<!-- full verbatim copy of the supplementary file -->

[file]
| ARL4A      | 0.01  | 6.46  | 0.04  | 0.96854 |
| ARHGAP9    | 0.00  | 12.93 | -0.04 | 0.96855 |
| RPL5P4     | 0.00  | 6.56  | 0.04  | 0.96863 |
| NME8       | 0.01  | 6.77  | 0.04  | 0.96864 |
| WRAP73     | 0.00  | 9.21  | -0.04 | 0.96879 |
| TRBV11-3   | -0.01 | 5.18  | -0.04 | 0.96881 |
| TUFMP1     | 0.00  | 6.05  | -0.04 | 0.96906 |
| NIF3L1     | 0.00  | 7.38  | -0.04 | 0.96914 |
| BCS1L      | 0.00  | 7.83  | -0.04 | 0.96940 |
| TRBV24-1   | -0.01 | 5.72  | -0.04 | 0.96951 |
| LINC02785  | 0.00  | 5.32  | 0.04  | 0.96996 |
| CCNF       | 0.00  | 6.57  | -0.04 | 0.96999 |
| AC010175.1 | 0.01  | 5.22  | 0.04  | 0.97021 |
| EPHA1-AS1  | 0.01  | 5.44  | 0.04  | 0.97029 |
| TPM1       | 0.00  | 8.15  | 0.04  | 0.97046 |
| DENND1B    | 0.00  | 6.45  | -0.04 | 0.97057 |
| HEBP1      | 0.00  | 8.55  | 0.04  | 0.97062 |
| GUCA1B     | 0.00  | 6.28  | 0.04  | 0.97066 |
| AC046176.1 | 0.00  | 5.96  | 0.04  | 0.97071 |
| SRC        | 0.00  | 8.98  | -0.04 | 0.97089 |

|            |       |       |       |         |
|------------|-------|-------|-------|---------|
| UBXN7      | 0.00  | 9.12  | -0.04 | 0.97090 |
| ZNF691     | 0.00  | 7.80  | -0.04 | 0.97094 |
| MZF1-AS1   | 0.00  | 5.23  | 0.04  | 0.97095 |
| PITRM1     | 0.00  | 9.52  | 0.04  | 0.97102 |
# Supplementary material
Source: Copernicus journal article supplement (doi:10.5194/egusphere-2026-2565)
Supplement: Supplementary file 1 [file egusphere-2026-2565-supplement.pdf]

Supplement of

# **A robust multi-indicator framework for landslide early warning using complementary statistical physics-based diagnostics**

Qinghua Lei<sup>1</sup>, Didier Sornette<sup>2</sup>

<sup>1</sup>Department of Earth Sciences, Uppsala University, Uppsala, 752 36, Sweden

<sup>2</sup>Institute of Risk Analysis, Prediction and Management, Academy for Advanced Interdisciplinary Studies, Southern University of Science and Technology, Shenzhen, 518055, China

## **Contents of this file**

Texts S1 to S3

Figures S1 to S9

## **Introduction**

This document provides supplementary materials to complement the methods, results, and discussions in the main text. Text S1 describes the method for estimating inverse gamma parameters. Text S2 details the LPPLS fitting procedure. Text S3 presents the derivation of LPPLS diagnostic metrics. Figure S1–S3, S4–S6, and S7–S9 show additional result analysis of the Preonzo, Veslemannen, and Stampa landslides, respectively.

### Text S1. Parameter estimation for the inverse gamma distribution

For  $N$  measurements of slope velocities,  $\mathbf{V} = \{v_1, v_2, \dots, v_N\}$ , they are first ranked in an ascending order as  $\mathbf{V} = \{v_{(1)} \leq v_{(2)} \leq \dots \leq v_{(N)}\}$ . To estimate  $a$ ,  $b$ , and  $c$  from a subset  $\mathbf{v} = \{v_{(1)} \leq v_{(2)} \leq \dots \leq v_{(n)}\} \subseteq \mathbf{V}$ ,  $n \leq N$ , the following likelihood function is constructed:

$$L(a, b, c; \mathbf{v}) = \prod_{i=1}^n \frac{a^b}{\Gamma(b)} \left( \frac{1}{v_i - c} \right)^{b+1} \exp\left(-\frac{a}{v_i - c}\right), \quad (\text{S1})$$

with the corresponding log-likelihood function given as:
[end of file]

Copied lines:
| ARL4A      | 0.01  | 6.46  | 0.04  | 0.96854 |
| ARHGAP9    | 0.00  | 12.93 | -0.04 | 0.96855 |
| RPL5P4     | 0.00  | 6.56  | 0.04  | 0.96863 |
| NME8       | 0.01  | 6.77  | 0.04  | 0.96864 |
| WRAP73     | 0.00  | 9.21  | -0.04 | 0.96879 |
| TRBV11-3   | -0.01 | 5.18  | -0.04 | 0.96881 |
| TUFMP1     | 0.00  | 6.05  | -0.04 | 0.96906 |
| NIF3L1     | 0.00  | 7.38  | -0.04 | 0.96914 |
| BCS1L      | 0.00  | 7.83  | -0.04 | 0.96940 |
| TRBV24-1   | -0.01 | 5.72  | -0.04 | 0.96951 |
| LINC02785  | 0.00  | 5.32  | 0.04  | 0.96996 |
| CCNF       | 0.00  | 6.57  | -0.04 | 0.96999 |
| AC010175.1 | 0.01  | 5.22  | 0.04  | 0.97021 |
| EPHA1-AS1  | 0.01  | 5.44  | 0.04  | 0.97029 |
| TPM1       | 0.00  | 8.15  | 0.04  | 0.97046 |
| DENND1B    | 0.00  | 6.45  | -0.04 | 0.97057 |
| HEBP1      | 0.00  | 8.55  | 0.04  | 0.97062 |
| GUCA1B     | 0.00  | 6.28  | 0.04  | 0.97066 |
| AC046176.1 | 0.00  | 5.96  | 0.04  | 0.97071 |
| SRC        | 0.00  | 8.98  | -0.04 | 0.97089 |

|            |       |       |       |         |
|------------|-------|-------|-------|---------|
| UBXN7      | 0.00  | 9.12  | -0.04 | 0.97090 |
| ZNF691     | 0.00  | 7.80  | -0.04 | 0.97094 |
| MZF1-AS1   | 0.00  | 5.23  | 0.04  | 0.97095 |
| PITRM1     | 0.00  | 9.52  | 0.04  | 0.97102 |
# Supplementary material
Source: Copernicus journal article supplement (doi:10.5194/egusphere-2026-2565)
Supplement: Supplementary file 1 [file egusphere-2026-2565-supplement.pdf]

Supplement of

# **A robust multi-indicator framework for landslide early warning using complementary statistical physics-based diagnostics**

Qinghua Lei<sup>1</sup>, Didier Sornette<sup>2</sup>

<sup>1</sup>Department of Earth Sciences, Uppsala University, Uppsala, 752 36, Sweden

<sup>2</sup>Institute of Risk Analysis, Prediction and Management, Academy for Advanced Interdisciplinary Studies, Southern University of Science and Technology, Shenzhen, 518055, China

## **Contents of this file**

Texts S1 to S3

Figures S1 to S9

## **Introduction**

This document provides supplementary materials to complement the methods, results, and discussions in the main text. Text S1 describes the method for estimating inverse gamma parameters. Text S2 details the LPPLS fitting procedure. Text S3 presents the derivation of LPPLS diagnostic metrics. Figure S1–S3, S4–S6, and S7–S9 show additional result analysis of the Preonzo, Veslemannen, and Stampa landslides, respectively.

### Text S1. Parameter estimation for the inverse gamma distribution

For  $N$  measurements of slope velocities,  $\mathbf{V} = \{v_1, v_2, \dots, v_N\}$ , they are first ranked in an ascending order as  $\mathbf{V} = \{v_{(1)} \leq v_{(2)} \leq \dots \leq v_{(N)}\}$ . To estimate  $a$ ,  $b$ , and  $c$  from a subset  $\mathbf{v} = \{v_{(1)} \leq v_{(2)} \leq \dots \leq v_{(n)}\} \subseteq \mathbf{V}$ ,  $n \leq N$ , the following likelihood function is constructed:

$$L(a, b, c; \mathbf{v}) = \prod_{i=1}^n \frac{a^b}{\Gamma(b)} \left( \frac{1}{v_i - c} \right)^{b+1} \exp\left(-\frac{a}{v_i - c}\right), \quad (\text{S1})$$

with the corresponding log-likelihood function given as: